I’ll be blunt: I hate airlines as investments. Here’s why:
- They’re unionized
- They’re at the mercy of rising oil prices
- Their margins are continually squeezed by cutthroat competition
- They have surly flight attendants who serve crappy snacks that you have to pay for, they cancel underbooked flights with phony excuses about “equipment problems,” and they make you pay extortionate fees for checked baggage, which you’ll be lucky to ever see again.
OK, the last one isn’t an investment concern, I just had to get it off my chest after a recent cross-country trip.
One airline that has been unjustly tarred by association is Chorus Aviation (OTC:CHRVF), with the market driving its yield to a whopping 11.7%. Chorus operates regional flights for Air Canada (OTCPK:AIDIF) and Thomas Cook Canada. It also runs a small, but growing, charter business focused on the oil-producing regions of Western Canada. A close look at Chorus’ business reveals that the negatives for most airlines don’t apply to it.
Chorus, like most airlines, does have a unionized workforce. However, as company representatives have told me, labor relations are good and they recently signed agreements extending to 2015. Moreover, the relative youthfulness of Chorus' workforce diminishes the union "tax," which tends to increase with the age of employees. Union rules require more pay and benefits for employees who are more senior, but not necessarily more productive. So young is good.
Amazingly, Chorus is 98% immune to fuel costs, because Air Canada and Thomas Cook cover these, as well as some other variable costs, for them. The one risk associated with this is that Chorus’ business hinges on Air Canada. If Air Canada went bankrupt or started to channel business to another airline, Chorus would be significantly affected. However, the Canadian government is unlikely to allow its flag carrier to go bankrupt and Chorus has a Capacity Purchase Agreement (CPA) with Air Canada that extends to 2020, guaranteeing it at least 339,00 block hours.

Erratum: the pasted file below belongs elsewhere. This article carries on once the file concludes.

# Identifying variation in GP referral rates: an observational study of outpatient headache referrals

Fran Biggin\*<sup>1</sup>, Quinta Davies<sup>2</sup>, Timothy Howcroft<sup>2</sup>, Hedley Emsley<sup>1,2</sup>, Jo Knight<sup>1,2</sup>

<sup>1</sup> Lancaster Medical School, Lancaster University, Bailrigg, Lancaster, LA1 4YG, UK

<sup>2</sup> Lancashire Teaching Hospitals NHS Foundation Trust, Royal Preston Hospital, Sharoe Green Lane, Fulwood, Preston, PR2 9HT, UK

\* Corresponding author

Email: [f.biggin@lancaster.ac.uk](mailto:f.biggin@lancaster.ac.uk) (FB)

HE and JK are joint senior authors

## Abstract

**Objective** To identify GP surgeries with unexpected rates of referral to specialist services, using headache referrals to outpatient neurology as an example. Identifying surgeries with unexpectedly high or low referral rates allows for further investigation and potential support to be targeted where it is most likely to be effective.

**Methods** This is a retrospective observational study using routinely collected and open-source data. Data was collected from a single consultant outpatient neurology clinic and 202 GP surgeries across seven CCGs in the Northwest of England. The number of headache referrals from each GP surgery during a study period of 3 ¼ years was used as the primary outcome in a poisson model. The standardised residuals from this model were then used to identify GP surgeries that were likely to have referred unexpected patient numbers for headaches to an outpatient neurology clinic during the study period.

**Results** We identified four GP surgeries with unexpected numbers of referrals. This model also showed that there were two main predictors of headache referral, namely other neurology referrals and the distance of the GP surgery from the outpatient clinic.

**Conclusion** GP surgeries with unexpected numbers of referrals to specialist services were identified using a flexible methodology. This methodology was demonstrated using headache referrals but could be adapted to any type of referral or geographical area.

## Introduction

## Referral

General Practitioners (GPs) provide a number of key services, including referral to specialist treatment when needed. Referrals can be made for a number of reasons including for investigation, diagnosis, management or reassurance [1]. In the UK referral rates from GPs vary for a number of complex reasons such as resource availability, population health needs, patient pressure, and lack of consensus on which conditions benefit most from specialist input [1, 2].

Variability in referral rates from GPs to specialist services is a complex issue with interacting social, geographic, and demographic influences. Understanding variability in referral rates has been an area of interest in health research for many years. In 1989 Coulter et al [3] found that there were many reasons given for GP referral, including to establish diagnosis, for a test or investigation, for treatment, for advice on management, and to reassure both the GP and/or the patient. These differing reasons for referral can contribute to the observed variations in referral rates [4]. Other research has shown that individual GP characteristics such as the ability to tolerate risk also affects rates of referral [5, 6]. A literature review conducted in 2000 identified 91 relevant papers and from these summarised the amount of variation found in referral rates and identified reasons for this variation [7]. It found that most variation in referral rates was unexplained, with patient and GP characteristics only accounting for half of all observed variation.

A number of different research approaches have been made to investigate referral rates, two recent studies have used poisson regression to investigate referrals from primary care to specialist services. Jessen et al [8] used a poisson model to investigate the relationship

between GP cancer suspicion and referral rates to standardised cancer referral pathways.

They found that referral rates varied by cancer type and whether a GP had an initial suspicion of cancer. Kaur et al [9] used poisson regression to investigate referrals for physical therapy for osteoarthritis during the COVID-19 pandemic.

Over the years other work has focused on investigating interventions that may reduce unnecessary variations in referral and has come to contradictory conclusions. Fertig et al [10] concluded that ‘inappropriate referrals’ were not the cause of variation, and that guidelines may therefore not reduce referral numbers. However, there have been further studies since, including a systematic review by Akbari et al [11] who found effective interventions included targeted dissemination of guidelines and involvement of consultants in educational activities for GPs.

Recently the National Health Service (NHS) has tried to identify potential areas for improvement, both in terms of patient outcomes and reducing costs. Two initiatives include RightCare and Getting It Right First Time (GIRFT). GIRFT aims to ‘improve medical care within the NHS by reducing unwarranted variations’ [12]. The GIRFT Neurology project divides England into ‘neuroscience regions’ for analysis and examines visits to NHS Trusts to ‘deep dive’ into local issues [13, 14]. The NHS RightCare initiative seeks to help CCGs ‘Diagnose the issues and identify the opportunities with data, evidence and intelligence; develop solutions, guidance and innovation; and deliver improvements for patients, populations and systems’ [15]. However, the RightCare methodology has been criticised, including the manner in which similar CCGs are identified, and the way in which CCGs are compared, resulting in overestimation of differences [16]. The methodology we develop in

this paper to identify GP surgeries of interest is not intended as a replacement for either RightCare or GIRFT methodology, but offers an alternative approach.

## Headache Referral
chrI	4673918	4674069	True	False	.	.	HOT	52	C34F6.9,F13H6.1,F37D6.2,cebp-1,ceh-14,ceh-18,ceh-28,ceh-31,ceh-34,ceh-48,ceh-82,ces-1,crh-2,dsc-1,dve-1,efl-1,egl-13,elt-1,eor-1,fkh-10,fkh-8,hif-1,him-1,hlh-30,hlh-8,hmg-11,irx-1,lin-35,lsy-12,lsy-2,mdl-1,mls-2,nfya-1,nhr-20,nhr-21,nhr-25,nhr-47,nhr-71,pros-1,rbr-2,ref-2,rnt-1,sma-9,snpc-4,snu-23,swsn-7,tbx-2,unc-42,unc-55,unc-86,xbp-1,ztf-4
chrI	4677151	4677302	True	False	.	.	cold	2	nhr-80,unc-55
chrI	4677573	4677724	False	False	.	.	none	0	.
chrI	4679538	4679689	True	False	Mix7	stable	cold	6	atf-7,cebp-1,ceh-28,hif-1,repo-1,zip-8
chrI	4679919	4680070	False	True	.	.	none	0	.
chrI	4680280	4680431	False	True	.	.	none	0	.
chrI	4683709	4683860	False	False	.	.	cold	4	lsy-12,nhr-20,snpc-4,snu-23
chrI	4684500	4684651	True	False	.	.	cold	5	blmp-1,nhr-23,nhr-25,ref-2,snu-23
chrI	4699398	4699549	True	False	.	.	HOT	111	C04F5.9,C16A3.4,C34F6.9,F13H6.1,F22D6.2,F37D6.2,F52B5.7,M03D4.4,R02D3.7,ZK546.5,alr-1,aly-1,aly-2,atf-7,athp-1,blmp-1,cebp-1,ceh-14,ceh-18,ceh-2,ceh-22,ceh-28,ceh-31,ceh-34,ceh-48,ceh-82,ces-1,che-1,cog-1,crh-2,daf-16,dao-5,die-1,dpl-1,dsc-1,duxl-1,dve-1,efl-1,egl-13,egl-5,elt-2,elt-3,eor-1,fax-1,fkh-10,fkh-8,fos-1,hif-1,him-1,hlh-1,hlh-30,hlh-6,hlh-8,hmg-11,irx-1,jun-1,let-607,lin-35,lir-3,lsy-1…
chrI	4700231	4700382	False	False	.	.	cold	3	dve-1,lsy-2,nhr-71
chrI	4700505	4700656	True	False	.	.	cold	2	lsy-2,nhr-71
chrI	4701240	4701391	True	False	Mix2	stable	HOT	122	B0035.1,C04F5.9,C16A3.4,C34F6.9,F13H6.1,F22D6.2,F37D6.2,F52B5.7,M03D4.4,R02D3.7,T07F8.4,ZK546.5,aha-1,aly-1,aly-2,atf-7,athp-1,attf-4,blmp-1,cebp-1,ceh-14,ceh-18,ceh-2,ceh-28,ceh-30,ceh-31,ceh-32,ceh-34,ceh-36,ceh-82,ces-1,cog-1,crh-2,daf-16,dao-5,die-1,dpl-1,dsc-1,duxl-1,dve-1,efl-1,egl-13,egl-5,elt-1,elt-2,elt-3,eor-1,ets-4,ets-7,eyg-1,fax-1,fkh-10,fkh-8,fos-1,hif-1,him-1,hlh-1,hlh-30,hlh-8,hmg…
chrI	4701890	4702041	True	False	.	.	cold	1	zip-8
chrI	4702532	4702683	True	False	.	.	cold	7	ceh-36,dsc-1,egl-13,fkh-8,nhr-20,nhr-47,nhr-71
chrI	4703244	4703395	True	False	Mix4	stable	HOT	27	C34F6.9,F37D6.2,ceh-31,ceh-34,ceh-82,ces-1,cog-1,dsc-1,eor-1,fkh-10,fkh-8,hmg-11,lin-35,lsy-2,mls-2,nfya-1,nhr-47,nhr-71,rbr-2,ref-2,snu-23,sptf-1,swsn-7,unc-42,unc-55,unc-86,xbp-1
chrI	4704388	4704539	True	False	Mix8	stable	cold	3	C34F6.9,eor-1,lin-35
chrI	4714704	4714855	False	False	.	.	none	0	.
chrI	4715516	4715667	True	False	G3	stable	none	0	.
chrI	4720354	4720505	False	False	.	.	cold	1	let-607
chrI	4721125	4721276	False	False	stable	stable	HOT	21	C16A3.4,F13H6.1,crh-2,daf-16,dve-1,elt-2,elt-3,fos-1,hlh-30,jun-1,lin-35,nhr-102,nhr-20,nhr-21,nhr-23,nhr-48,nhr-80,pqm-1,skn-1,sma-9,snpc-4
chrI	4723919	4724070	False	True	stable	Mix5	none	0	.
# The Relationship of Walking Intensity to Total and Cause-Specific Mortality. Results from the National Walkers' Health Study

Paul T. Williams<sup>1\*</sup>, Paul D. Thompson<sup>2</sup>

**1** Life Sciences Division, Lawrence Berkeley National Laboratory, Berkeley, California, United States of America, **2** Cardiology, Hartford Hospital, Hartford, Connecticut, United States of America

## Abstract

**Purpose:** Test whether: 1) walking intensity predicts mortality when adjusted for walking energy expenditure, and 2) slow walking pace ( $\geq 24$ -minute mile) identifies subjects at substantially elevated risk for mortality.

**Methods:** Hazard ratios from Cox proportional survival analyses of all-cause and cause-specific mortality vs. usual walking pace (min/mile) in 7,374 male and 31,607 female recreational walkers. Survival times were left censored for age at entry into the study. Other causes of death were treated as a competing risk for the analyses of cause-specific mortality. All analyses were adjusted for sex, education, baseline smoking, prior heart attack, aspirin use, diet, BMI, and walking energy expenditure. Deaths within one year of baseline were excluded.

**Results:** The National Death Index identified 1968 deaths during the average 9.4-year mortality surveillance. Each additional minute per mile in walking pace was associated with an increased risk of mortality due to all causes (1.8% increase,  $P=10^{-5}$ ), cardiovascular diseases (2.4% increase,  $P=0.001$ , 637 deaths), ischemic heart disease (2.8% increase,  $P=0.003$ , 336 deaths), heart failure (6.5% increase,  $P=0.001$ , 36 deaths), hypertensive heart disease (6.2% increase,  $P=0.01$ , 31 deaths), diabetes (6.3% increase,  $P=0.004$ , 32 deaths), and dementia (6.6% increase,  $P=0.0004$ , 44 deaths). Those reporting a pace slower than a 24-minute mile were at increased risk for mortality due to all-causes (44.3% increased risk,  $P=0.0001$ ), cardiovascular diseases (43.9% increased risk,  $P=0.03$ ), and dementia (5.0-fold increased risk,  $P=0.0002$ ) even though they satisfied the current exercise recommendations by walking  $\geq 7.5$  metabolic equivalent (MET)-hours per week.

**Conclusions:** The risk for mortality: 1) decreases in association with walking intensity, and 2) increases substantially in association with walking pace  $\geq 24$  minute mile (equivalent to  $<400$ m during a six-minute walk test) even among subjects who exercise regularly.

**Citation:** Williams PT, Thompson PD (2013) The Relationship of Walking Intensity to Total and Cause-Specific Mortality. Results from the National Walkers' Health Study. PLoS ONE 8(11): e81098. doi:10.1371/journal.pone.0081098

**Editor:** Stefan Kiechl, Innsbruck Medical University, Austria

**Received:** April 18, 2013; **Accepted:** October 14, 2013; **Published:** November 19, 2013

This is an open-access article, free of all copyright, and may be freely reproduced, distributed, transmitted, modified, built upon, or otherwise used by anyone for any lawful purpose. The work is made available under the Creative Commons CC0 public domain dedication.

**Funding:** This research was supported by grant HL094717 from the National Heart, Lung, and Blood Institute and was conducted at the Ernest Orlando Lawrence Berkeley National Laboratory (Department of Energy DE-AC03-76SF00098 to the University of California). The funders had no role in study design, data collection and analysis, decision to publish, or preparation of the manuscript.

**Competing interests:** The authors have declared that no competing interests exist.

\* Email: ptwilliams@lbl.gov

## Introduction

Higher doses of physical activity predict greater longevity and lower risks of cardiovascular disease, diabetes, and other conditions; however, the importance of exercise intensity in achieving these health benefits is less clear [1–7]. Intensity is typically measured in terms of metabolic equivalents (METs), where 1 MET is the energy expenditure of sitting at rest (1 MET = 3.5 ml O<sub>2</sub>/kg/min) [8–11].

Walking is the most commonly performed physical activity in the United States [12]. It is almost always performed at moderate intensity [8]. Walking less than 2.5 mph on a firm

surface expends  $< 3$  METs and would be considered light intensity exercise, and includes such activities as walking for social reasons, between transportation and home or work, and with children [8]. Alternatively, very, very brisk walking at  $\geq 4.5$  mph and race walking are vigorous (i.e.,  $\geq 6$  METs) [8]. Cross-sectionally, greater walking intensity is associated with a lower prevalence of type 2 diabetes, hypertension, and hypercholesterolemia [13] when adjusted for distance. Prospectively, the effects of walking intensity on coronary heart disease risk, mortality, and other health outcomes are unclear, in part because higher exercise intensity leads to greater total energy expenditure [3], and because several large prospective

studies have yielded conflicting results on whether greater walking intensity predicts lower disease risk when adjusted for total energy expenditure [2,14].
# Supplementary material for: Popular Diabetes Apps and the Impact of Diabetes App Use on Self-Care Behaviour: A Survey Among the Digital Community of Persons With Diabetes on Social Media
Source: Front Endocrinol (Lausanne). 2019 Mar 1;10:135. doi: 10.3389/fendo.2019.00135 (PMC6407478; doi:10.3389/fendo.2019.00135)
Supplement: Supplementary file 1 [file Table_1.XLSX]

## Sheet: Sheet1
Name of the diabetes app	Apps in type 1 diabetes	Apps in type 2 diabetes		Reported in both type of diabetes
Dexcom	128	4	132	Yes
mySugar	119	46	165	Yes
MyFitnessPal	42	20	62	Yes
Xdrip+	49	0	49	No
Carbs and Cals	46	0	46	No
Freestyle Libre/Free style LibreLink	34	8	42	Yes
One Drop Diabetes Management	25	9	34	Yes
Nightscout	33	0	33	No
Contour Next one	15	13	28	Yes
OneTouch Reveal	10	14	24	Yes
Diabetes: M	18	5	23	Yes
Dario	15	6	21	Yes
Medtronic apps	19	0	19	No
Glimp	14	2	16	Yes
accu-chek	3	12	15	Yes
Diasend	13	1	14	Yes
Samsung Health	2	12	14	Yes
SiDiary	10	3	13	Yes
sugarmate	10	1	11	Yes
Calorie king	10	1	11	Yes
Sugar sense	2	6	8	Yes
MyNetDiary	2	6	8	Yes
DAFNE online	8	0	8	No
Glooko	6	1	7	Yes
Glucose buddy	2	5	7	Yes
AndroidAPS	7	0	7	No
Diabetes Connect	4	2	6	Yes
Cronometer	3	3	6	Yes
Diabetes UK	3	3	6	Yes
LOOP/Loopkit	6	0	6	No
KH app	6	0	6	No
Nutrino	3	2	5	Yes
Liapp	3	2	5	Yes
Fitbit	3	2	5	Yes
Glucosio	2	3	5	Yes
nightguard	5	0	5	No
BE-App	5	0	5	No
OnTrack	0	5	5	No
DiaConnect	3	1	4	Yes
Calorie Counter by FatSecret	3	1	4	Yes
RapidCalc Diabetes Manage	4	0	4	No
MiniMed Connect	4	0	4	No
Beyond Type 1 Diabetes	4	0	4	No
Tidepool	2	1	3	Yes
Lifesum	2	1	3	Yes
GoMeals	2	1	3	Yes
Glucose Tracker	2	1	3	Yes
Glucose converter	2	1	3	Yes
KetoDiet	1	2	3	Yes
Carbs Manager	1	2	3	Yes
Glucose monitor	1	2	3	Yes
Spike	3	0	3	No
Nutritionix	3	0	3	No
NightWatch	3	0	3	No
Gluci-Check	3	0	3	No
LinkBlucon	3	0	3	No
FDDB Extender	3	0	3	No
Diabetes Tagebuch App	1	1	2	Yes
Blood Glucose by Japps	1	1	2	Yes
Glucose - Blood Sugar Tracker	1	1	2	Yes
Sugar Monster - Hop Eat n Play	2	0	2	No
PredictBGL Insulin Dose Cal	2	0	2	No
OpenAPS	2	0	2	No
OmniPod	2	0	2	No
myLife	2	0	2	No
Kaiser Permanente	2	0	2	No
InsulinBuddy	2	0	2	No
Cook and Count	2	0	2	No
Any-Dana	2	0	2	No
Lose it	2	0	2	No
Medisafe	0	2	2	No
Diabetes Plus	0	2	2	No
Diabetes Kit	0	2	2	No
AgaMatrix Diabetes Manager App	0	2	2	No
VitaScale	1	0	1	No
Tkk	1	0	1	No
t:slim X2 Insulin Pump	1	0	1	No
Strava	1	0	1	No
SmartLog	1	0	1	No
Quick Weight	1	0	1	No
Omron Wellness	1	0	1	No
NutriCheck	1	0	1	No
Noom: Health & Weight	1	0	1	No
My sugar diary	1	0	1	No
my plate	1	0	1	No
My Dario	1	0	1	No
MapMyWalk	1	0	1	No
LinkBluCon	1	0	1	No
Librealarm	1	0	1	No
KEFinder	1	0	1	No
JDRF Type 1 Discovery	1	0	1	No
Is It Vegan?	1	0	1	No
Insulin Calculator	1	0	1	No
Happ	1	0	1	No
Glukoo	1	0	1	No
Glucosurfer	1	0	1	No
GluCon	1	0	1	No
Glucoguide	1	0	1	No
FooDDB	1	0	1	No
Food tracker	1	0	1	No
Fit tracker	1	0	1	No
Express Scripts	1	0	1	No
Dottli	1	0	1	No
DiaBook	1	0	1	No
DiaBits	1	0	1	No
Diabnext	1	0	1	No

Airlines do have cutthroat competition, but it tends to be focused on the major hub routes. For example, it’s usually cheaper to fly from SFO to JFK (3000 miles) than to Medford (only 400 miles). Chorus flies mostly regional routes, and mostly into airports with limited landing and gating slots. So competitive pressures are limited. Over the last few years, its billable block hours have remained amazingly stable, with moderate seasonal dips in the fourth and first quarters.
Until 2011, Chorus was a royalty trust. It was widely expected to slash its distribution when it converted to a regular corporation. But it surprised everyone by switching to a quarterly payout but maintaining the rate. Actually, it didn’t surprise me: it was obvious before that the company had ample cash flow to maintain the payout.
The market is still treating the dividend rate with disbelief. On the eve of Q1 earnings, the stock dropped 8%, only to recover the next day when it became clear the dividend would be maintained. In fact, Chorus’ earnings revealed that it’s only using 73% of its distributable cash for dividends, maintaining a substantial cushion.
When Chorus converted to a corporation, it created two share classes:
- A-Shares – Traded as CHR.A on the Toronto exchange. A-shares are for non-Canadian shareholders. The U.S. pink sheets issue, CHRVF.PK, corresponds to A-shares.
- B-Shares – Traded as CHR.B on the Toronto exchange. B-shares can only be owned by Canadian citizens.
The two classes represent the same ownership of the company and pay the same dividend.
The market has priced Chorus like an airline. But, with its extremely steady revenue, costs, and margins, it should be priced more like a utility.